An inquiry into the needs, wants and concerns of older people in the community has revealed many a 'really struggling', especially in accessing transport.
Most older Australians want to remain mobile and live independently at home but accessing transport is proving confusing and challenging for many, new research suggests.
An inquiry into the experiences of the aged care system led by University of Sydney researcher Professor Yun-Hee Jeon in partnership with the Whiddon Aged Care Group has offered insight into the issues older Australians face when trying to access services.
The qualitative longitudinal study conducted in 2016 involved more than 100 participants - 57 residents aged from 59 to 92 and about 54 aged care providers - for the qualitative longitudinal study.
Professor Jeon visited eights areas in NSW, including Sydney's eastern suburbs, where she interviewed the elderly about their needs, wants and concerns.
They were also asked about their experience using the federal government's My Aged Care service.
It was found that the loss of mobility was a major concern among those interviewed. Access to reliable transport was considered "crucial" for meeting domestic, health and social needs, says Prof Jeon.
However the study found "insufficient" public transport resulted in consumers' dependency on family or community services.
Availability of transport services with disability access and access to cab vouchers were commonly reported problems, according to the research.
"The transport services are useful for people who are mobile but they are not necessarily helpful if they have dementia or have a physical disability," Prof Jeon said.
"In the country towns buses don't come around often enough so they rely on taxi vouchers," she added.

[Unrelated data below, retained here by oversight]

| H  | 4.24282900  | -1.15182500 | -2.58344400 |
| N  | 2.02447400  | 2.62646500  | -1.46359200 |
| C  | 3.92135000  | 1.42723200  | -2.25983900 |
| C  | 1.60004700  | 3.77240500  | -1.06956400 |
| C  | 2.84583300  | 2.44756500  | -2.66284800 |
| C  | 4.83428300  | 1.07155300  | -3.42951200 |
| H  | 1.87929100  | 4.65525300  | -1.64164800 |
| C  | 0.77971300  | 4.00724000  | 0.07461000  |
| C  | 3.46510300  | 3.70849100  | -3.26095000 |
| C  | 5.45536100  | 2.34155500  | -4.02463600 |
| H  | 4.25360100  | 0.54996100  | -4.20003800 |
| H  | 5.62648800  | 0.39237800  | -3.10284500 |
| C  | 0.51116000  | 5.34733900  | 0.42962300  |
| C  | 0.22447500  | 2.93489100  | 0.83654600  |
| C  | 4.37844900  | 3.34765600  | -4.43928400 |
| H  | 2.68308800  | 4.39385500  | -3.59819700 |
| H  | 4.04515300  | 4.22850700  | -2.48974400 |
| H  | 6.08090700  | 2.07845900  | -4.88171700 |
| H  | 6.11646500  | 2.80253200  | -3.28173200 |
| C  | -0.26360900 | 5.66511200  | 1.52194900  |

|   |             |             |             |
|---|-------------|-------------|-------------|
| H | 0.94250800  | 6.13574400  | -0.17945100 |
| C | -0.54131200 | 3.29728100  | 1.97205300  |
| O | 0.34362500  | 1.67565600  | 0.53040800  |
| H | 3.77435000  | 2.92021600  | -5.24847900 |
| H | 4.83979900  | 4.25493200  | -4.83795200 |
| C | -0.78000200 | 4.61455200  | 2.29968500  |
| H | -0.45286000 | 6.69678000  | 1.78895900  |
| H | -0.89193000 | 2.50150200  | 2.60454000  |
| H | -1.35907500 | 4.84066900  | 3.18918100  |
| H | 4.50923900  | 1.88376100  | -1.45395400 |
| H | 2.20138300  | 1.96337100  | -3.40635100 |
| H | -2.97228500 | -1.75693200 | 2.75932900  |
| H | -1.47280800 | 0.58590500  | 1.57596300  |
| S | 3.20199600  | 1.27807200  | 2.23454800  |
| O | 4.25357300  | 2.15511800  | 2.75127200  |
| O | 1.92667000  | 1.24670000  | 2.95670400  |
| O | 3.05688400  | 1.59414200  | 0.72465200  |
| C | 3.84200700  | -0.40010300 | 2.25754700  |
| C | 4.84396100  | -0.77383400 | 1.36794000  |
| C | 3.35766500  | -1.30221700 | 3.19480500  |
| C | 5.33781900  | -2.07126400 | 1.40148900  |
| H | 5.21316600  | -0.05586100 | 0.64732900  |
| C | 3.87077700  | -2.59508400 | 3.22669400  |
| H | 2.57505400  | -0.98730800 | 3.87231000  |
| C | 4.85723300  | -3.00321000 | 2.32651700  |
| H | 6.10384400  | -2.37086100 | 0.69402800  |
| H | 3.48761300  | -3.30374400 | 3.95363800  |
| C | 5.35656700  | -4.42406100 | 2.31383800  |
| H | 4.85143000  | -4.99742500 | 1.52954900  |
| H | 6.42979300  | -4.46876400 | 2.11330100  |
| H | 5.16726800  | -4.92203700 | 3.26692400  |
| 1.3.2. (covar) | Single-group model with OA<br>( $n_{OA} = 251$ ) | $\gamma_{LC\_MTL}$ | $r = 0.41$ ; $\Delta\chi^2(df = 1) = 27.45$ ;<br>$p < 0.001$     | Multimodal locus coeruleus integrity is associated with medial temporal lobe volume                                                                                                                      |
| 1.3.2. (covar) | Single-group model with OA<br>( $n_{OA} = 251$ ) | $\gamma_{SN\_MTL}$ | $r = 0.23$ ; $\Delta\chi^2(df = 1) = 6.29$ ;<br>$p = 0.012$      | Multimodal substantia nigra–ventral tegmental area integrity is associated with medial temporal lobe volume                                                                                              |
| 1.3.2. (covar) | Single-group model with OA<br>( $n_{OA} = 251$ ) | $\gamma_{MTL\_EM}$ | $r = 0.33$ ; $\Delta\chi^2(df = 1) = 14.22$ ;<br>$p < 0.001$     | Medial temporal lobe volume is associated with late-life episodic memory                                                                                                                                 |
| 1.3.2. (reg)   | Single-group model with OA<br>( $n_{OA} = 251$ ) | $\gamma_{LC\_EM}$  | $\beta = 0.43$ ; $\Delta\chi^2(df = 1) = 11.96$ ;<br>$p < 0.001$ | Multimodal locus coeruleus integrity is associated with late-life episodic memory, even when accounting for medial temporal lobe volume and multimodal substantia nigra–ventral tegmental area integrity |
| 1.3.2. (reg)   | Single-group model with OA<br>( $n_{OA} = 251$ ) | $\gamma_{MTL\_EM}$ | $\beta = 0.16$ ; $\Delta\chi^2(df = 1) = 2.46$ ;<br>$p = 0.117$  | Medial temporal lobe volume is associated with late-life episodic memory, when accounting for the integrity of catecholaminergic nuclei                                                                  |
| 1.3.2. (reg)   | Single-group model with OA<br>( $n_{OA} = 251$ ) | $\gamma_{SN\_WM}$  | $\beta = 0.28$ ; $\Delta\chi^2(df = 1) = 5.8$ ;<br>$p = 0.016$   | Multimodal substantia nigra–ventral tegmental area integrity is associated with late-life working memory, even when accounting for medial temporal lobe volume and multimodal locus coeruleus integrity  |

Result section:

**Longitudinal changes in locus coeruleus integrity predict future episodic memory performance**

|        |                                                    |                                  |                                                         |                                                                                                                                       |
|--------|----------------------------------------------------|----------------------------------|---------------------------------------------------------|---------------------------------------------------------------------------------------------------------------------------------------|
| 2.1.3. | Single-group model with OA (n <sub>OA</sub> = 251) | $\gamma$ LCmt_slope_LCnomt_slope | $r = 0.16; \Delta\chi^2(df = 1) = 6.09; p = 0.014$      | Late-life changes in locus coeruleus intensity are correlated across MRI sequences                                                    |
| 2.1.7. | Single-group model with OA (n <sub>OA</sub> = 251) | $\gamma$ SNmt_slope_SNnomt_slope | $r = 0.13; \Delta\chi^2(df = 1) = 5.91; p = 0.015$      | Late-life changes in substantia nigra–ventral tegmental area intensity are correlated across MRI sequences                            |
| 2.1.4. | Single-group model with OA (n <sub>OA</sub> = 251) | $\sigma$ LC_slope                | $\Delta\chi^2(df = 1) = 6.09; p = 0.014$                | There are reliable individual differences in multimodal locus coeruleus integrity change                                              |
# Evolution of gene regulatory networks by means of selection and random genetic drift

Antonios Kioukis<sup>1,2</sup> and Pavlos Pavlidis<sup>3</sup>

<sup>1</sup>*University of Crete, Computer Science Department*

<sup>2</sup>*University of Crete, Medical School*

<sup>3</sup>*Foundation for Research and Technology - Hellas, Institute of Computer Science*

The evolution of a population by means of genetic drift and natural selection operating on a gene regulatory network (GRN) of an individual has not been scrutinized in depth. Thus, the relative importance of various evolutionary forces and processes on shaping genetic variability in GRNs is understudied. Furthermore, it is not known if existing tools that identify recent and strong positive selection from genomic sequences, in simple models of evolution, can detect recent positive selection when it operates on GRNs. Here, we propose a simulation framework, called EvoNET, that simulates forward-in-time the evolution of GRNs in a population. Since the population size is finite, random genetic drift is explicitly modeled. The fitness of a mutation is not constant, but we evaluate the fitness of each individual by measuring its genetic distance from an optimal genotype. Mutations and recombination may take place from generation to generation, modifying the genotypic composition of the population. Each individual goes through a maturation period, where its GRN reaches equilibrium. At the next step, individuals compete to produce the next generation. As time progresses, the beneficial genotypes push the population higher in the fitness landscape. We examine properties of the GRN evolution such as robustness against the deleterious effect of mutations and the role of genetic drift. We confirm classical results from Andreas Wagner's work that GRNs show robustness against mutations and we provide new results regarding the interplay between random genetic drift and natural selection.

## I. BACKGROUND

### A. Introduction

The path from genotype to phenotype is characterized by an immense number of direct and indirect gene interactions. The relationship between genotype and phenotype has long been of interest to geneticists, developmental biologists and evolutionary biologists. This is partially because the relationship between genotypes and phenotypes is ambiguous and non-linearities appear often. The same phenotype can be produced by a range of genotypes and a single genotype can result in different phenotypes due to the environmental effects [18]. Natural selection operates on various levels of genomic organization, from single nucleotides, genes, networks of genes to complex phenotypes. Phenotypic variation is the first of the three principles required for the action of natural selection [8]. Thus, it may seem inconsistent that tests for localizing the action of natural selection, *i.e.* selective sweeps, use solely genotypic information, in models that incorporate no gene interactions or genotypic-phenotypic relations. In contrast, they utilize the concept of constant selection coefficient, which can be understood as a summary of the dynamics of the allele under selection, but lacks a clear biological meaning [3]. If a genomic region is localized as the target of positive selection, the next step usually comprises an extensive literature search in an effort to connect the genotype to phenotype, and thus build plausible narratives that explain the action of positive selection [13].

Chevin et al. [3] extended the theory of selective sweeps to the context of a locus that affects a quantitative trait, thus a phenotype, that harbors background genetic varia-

Long waiting times for domestic and personal care services was another common complaint among the participants, the inquiry found.
"Consumers identified examples in which required home modification, and health care equipment were not provided due to a lack of availability of services (long waiting times) and high cost of equipment," the research report said.
The "worrying" issues have been largely blamed on the recent and numerous changes to the aged care system in Australia.
"Before My Aged Care, there were issues but I have never heard that many negative comments from the people in the community," Prof Jeon told AAP.
In 2015, the federal government introduced My Aged Care, which acts as the gateway to aged care services.
Anyone who wishes to access a particular service has to go through the online My Aged Care website.
Having spent hours talking with consumers and providers, Prof Yun-Hee says the overarching experience was one of confusion among this generation of older residents.
The report said: "The MyAgedCare (MAC) website was challenging for consumers accessing aged care services as many were unaware of its existence and functionality and were not accustomed to using computers or the internet. Hearing or vision impairments and greater comfort with face-to-face communication presented additional challenges."
A follow-up investigation is planed for 2018 to find out if the situation has changed.
"Hopefully things have improved," Prof Jeon said.
The federal minister for aged care was contacted for comment.